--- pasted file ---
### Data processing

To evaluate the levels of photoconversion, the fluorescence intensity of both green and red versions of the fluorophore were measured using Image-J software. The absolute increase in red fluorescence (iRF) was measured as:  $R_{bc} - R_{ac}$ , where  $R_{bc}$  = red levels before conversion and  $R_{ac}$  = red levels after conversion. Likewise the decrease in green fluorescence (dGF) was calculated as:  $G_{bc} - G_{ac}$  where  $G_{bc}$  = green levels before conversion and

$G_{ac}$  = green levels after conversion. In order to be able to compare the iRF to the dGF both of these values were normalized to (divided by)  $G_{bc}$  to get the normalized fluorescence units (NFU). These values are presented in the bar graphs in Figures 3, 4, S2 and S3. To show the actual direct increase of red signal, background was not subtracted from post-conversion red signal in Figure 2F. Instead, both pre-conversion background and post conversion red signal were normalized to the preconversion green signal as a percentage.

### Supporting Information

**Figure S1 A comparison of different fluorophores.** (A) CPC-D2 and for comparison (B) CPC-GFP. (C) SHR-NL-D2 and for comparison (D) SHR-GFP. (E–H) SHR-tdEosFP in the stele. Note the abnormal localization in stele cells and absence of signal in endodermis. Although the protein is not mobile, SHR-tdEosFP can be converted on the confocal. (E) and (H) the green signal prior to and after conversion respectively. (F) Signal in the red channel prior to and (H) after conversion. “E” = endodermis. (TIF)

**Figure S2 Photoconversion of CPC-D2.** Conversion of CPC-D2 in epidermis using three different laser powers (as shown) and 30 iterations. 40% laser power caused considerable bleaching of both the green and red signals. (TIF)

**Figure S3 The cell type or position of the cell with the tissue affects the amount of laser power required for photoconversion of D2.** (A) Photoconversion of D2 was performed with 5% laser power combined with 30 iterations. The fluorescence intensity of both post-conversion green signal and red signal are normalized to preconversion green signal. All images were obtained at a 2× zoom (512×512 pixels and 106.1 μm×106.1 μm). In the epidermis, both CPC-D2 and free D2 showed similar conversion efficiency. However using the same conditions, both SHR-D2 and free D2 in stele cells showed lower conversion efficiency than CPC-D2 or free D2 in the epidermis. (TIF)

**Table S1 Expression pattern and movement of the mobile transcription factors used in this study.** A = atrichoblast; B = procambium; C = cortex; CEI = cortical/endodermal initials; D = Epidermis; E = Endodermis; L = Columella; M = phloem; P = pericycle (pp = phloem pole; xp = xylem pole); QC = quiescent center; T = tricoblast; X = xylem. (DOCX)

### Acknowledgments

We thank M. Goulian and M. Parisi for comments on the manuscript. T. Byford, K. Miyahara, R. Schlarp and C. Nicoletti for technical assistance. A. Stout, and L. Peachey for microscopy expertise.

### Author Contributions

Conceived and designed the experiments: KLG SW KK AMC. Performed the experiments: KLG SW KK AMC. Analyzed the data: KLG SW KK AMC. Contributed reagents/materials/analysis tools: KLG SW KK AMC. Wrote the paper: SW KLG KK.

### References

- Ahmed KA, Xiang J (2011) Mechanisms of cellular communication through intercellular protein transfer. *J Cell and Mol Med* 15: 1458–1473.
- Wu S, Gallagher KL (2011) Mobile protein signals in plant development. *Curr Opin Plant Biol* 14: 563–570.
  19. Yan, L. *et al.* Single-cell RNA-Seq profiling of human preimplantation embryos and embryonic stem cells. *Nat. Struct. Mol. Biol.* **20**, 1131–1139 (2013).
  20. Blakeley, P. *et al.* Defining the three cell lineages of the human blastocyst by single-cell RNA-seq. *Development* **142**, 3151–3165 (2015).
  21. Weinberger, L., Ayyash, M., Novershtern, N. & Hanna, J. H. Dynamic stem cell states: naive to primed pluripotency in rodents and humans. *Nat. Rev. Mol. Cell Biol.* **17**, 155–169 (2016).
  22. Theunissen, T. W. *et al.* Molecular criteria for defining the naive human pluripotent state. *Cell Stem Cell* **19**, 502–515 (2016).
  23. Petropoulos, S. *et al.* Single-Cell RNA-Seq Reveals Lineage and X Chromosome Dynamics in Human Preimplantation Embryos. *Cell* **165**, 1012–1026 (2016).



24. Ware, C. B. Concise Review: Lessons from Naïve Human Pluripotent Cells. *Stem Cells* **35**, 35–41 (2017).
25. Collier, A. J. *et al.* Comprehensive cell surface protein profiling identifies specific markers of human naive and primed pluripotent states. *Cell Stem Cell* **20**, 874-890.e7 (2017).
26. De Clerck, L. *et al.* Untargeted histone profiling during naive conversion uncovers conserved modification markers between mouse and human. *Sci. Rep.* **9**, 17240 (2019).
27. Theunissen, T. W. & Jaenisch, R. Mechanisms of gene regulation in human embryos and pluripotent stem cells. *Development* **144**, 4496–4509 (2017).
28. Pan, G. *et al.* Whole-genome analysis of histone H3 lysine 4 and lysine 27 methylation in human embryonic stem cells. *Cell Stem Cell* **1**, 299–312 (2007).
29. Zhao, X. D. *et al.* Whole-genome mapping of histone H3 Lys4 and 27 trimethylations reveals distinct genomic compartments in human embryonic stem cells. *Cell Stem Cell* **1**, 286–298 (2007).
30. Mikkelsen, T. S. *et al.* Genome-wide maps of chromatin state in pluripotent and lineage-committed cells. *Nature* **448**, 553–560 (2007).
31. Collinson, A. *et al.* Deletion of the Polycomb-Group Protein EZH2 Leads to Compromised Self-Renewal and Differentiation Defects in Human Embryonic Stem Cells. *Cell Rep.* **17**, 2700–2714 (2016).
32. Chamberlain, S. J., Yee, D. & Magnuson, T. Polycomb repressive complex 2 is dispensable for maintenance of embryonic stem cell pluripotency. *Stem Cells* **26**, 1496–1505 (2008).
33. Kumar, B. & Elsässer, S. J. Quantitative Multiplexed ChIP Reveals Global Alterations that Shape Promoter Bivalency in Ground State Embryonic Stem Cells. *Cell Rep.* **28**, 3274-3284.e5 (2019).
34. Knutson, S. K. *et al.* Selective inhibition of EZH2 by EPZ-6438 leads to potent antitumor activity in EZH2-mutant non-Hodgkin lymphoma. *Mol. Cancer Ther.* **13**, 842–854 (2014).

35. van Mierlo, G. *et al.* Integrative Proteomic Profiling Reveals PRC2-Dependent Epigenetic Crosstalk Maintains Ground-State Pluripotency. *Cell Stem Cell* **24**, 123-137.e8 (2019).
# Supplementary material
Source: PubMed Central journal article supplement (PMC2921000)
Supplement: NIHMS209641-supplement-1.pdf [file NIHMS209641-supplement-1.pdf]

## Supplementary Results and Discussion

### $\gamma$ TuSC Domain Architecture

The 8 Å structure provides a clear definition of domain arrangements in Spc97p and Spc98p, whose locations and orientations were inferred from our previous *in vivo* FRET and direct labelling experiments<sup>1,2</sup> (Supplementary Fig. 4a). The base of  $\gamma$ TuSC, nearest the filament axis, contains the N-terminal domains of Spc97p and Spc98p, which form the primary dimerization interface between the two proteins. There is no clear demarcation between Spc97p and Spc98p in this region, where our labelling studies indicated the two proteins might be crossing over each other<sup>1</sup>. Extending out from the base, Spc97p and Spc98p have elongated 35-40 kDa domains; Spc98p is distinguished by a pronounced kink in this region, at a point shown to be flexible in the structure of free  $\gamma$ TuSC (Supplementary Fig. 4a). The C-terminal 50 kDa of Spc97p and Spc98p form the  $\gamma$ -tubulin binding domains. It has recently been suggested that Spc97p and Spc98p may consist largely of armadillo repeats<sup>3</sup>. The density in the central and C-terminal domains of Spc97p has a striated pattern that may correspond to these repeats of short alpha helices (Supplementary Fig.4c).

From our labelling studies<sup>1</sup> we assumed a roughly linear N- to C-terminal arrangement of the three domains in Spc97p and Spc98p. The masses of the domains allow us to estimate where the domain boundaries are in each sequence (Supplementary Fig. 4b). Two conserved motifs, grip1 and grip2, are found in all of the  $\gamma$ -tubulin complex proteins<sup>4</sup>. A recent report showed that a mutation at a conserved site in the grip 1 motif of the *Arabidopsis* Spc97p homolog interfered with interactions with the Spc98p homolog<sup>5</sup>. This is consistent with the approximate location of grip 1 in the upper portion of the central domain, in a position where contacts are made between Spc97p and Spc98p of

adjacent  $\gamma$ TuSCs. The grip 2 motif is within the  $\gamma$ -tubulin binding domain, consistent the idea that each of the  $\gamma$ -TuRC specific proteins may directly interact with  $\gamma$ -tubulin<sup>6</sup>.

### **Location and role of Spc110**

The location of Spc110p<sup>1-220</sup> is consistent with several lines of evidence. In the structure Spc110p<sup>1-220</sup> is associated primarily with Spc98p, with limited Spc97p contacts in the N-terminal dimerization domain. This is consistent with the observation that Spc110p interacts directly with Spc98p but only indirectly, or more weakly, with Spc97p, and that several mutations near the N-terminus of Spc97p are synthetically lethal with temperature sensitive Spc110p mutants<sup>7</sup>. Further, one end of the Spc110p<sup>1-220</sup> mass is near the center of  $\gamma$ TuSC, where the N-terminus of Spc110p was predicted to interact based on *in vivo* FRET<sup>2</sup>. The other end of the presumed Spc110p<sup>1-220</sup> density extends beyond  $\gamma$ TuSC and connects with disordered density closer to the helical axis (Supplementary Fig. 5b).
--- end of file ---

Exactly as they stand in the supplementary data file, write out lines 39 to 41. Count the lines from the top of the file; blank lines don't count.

From our labelling studies<sup>1</sup> we assumed a roughly linear N- to C-terminal arrangement of the three domains in Spc97p and Spc98p. The masses of the domains allow us to estimate where the domain boundaries are in each sequence (Supplementary Fig. 4b). Two conserved motifs, grip1 and grip2, are found in all of the  $\gamma$ -tubulin complex proteins<sup>4</sup>. A recent report showed that a mutation at a conserved site in the grip 1 motif of the *Arabidopsis* Spc97p homolog interfered with interactions with the Spc98p homolog<sup>5</sup>. This is consistent with the approximate location of grip 1 in the upper portion of the central domain, in a position where contacts are made between Spc97p and Spc98p of

adjacent  $\gamma$ TuSCs. The grip 2 motif is within the  $\gamma$ -tubulin binding domain, consistent the idea that each of the  $\gamma$ -TuRC specific proteins may directly interact with  $\gamma$ -tubulin<sup>6</sup>.

### **Location and role of Spc110**